/ 15 June 2022

Quantum leap: Electric minibus taxis could soon be a SA reality

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A thing of the past? The first vehicle of its kind in the country will arrive by the end of this year and it will be rigorously tested under local conditions.

A consortium of industries and researchers at Stellenbosch University are taking a Quantum leap into electrifying South Africa’s minibus taxi sector

By the end of this year, the first electric minibus taxi will arrive in the country and take a sho’t left to the university, where it will be rigorously and extensively tested and then presented to the taxi industry, the government and commuters.

The public transport electrification project is the brainchild of GoMetro, MiX Telematics, HSW, ACDC Dynamics and the university’s faculty of engineering and the Centre for Renewable and Sustainable Energy Studies, which aim to accelerate the transition to cleaner and greener transport. 

They have announced their research partnership to investigate and advance the feasibility of an electric minibus taxi by testing “real life” production vehicles in South Africa next year. 

The aim is to “put the electrification of the minibus taxi sector firmly on the national agenda” through an educational roadshow in all provinces in 2023. 

“We basically want to put the vehicle in front of South Africans and challenge the perception right now that ‘it will never work’, ‘that it’s not viable’, and the more we show it off, the more viable it potentially becomes,” said Justin Coetzee, the chief executive of GoMetro, a global mobility management technology company. 

Record fuel prices

With the fuel price reaching historic highs, commuters are spending as much as 40% of their income on transport and are constantly battling increasing fares. The lower operating costs of an electric minibus taxi could reduce this, said Thinus Booysen, the research chair in the Internet of Things at Stellenbosch University, who is leading the team of testing experts. 

Electric vehicles [EVs] have much lower operating cost than combustion engines. We are bound to find out how much but our initial estimates are that it is less than half for the lifetime of the vehicle.”

The purpose of testing different models is to establish which vehicle will be best suited to the local transport industry, and what spectrum of operations are conducive to the range capabilities of the vehicles.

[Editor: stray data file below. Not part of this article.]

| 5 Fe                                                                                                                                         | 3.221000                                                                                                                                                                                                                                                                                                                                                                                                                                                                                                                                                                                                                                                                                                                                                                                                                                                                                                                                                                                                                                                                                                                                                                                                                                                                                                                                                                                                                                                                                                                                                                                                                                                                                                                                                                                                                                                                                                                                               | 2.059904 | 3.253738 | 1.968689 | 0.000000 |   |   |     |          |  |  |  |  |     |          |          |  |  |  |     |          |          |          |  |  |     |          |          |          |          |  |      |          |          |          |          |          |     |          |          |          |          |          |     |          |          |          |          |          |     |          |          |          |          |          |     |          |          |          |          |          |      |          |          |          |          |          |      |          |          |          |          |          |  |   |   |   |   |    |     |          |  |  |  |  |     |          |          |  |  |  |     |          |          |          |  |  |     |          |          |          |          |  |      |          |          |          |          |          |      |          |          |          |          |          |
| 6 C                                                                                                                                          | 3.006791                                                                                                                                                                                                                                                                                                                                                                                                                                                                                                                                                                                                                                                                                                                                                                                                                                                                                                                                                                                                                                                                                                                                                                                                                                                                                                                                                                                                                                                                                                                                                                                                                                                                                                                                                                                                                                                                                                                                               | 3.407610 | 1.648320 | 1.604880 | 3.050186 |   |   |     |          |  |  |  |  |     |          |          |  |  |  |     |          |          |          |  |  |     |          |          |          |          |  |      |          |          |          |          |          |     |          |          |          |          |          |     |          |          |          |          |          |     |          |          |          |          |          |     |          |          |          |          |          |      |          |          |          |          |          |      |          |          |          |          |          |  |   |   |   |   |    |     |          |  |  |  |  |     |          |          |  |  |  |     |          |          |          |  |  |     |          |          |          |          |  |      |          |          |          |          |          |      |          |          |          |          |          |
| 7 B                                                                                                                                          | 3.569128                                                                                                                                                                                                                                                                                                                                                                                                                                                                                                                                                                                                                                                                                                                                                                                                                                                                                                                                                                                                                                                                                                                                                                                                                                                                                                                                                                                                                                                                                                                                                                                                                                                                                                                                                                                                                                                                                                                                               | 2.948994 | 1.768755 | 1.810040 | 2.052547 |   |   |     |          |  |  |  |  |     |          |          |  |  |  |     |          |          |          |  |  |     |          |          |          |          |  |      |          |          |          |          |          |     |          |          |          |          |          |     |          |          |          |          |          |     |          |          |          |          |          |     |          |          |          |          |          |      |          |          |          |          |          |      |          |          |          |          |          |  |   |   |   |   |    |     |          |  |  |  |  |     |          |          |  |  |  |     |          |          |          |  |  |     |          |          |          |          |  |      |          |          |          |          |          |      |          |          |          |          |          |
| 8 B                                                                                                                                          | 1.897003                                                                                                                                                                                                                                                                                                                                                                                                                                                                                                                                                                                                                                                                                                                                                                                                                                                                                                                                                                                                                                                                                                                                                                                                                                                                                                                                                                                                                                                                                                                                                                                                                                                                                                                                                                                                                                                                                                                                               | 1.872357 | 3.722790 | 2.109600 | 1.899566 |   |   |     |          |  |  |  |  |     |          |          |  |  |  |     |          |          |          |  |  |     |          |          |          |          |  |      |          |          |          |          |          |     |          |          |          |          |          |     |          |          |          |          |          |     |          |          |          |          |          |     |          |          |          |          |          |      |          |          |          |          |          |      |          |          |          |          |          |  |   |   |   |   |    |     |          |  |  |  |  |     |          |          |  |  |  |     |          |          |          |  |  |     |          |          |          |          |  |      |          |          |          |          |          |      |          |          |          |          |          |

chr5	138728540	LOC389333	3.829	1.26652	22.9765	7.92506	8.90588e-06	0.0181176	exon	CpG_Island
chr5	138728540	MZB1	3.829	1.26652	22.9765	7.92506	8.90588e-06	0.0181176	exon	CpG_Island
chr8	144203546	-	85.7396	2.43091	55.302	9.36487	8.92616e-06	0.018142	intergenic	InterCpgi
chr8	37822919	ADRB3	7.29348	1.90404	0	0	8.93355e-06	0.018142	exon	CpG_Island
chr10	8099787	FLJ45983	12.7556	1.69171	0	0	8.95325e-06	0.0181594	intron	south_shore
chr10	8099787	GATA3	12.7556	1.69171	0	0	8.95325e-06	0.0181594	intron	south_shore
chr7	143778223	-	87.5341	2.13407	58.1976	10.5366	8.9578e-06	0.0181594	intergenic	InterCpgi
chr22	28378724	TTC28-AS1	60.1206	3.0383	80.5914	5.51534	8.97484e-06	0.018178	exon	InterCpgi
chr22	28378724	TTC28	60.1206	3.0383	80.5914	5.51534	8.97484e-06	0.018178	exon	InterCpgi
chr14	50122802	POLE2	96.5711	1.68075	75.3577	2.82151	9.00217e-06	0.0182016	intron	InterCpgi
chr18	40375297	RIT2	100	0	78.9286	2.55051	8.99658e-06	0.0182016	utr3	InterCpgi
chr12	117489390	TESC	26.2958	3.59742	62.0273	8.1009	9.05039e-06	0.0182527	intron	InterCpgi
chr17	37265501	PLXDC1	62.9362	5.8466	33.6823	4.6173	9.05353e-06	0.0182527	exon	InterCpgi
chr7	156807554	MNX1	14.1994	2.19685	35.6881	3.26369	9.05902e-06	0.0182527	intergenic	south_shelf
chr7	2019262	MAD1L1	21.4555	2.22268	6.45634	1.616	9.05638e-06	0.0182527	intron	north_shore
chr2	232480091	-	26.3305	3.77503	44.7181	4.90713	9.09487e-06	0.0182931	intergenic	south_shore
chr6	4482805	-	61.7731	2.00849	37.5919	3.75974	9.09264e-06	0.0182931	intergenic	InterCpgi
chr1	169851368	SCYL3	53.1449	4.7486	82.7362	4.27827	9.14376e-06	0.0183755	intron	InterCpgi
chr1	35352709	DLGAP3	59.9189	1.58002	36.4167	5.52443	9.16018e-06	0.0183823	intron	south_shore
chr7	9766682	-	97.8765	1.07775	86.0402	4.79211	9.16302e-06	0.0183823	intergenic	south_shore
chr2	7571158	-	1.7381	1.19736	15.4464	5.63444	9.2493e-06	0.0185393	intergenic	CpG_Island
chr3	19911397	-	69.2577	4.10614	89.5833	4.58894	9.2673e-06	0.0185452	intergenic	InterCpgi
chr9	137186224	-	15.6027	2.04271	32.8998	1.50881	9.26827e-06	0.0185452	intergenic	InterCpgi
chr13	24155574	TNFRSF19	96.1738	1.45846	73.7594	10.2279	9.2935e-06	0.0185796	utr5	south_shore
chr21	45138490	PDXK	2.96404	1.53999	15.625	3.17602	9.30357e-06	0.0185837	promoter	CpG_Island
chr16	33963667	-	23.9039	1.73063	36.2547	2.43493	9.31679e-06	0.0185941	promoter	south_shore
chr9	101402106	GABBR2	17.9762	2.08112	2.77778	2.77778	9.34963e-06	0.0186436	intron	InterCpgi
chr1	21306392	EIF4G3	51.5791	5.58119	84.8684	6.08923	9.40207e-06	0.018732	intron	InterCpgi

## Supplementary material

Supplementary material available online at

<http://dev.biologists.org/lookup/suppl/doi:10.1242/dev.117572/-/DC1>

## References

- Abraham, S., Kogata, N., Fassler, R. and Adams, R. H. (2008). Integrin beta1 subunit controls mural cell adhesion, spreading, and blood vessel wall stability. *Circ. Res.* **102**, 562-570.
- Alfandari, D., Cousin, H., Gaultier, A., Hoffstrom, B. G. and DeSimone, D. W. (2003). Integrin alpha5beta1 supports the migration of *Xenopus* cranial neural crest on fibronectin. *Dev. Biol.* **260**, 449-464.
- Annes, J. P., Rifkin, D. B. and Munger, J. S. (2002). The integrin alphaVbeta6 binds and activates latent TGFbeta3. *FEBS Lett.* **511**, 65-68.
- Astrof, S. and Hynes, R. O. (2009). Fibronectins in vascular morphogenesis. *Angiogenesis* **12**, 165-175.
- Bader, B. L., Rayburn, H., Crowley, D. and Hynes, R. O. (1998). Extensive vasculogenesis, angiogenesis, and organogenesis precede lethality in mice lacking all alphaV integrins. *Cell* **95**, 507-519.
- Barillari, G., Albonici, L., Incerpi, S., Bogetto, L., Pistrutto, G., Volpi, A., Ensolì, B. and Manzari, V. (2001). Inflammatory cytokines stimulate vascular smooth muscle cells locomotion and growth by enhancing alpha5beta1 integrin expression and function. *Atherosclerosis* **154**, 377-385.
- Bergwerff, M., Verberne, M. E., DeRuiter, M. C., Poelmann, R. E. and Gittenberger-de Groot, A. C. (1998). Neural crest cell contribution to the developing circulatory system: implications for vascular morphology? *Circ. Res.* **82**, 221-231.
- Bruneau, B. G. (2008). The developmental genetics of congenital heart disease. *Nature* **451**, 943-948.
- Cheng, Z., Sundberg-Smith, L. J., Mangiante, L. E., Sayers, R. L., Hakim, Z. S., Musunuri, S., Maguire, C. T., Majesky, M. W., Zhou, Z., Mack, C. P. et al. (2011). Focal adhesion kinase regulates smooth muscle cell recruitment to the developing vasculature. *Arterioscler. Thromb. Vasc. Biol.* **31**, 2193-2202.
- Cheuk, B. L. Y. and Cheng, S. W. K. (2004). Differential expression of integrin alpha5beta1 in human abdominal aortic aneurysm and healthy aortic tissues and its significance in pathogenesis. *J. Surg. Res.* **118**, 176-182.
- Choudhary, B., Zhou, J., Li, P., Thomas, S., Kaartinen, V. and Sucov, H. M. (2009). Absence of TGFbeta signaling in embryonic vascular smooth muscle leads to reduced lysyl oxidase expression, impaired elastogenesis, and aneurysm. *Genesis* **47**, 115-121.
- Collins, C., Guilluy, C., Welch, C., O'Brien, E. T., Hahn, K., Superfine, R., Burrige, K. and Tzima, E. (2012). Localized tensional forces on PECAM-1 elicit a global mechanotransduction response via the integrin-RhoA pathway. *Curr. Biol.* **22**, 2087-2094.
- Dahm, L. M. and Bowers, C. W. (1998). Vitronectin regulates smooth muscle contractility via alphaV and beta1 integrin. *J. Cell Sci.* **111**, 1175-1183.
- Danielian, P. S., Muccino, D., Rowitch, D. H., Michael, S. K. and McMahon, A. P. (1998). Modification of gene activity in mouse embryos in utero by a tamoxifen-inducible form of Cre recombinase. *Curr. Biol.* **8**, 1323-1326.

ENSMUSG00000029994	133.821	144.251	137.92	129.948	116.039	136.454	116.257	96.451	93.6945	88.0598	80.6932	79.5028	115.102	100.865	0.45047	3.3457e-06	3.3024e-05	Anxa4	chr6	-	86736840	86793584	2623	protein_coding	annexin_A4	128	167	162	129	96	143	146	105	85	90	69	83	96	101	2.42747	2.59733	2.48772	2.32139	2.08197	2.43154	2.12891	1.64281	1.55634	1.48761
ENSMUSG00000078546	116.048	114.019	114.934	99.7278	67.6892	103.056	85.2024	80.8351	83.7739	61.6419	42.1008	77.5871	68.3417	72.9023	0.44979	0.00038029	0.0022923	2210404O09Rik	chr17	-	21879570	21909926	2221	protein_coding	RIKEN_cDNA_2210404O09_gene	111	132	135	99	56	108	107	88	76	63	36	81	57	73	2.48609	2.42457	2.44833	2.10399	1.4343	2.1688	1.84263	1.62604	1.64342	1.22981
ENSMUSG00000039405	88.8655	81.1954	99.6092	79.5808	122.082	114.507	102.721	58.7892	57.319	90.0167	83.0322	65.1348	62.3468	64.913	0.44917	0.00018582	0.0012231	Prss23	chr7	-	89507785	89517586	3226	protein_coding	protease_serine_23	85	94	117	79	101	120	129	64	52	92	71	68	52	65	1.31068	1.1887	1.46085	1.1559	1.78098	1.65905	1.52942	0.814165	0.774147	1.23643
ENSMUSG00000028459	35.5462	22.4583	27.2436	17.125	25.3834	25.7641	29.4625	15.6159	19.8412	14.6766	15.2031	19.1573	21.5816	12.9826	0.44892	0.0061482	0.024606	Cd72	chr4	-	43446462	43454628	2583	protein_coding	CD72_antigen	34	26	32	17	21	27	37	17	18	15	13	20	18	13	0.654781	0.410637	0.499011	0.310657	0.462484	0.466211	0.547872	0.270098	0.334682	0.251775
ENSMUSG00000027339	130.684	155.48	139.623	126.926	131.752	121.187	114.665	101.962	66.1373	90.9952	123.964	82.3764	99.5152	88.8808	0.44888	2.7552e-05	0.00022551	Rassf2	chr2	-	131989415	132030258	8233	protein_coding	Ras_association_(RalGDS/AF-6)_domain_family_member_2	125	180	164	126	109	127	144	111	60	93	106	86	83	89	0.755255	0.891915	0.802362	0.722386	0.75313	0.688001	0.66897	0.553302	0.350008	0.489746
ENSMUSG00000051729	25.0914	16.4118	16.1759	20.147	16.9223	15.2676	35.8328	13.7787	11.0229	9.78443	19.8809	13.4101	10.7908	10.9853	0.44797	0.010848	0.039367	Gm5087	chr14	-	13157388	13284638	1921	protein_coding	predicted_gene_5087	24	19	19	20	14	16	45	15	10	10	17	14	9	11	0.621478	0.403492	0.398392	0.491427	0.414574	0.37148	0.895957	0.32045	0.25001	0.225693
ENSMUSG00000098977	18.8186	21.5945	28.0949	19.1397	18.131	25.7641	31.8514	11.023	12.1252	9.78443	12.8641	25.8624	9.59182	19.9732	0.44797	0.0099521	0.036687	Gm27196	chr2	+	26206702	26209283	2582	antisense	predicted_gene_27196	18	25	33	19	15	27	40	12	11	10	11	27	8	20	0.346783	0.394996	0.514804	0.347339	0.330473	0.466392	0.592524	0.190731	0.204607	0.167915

Taxi drivers, owners intrigued

Taxi drivers and owners are “very interested and intrigued” by the idea, Coetzee said. The acceptance and practicality of the model will be extensively tested with them to “identify the use-cases and conditions where an electric taxi would make the most sense”.

At current fuel prices, it costs R3.50 a kilometre to run a diesel vehicle. 

“With the current electricity price, the same equivalent vehicle would operate at R1.20 per kilometre. So you’re talking about a 70% reduction in fuel costs,” he said. “The vehicle has much less maintenance required because it’s got very few moving parts.” 

Shelven Africa, the chairperson of the Stellenbosch Taxi Association, said: “We are very excited about it and want to see how we can benefit from the whole project. Hopefully it can save us money for fuel because that is our main expense. It’s a new thing for us and we’ll see if it’s going to fulfil our needs.” 

The South African National Taxi Council said it would “comment at the right time”. 

‘Silver bullet’ for decarbonisation

EVs are hailed as a “silver bullet” to globally decarbonise the fuel transport sector, which is responsible for about 23% of energy-related greenhouse gas emissions. The development of low-carbon transport in cities is part of the global agenda to delay climate change and relates to many of the United Nations’ Sustainable Development Goals, the project team said. 

Although EV sales have increased substantially in the Global North and many vehicle manufacturers plan to stop production of combustion engines as early as 2030, in sub-Saharan Africa, the transition to EVs continues to be “painstakingly slow”. 

Booysen said that although the informal taxi sector needs to shift to EVs, little is known about their energy requirements. 

“Internal combustion engines can run until they are empty, and then they need to refill with petrol or diesel at one of the many filling stations. Range and charge times are therefore not a big concern. So the exact fuel efficiency does not matter that much.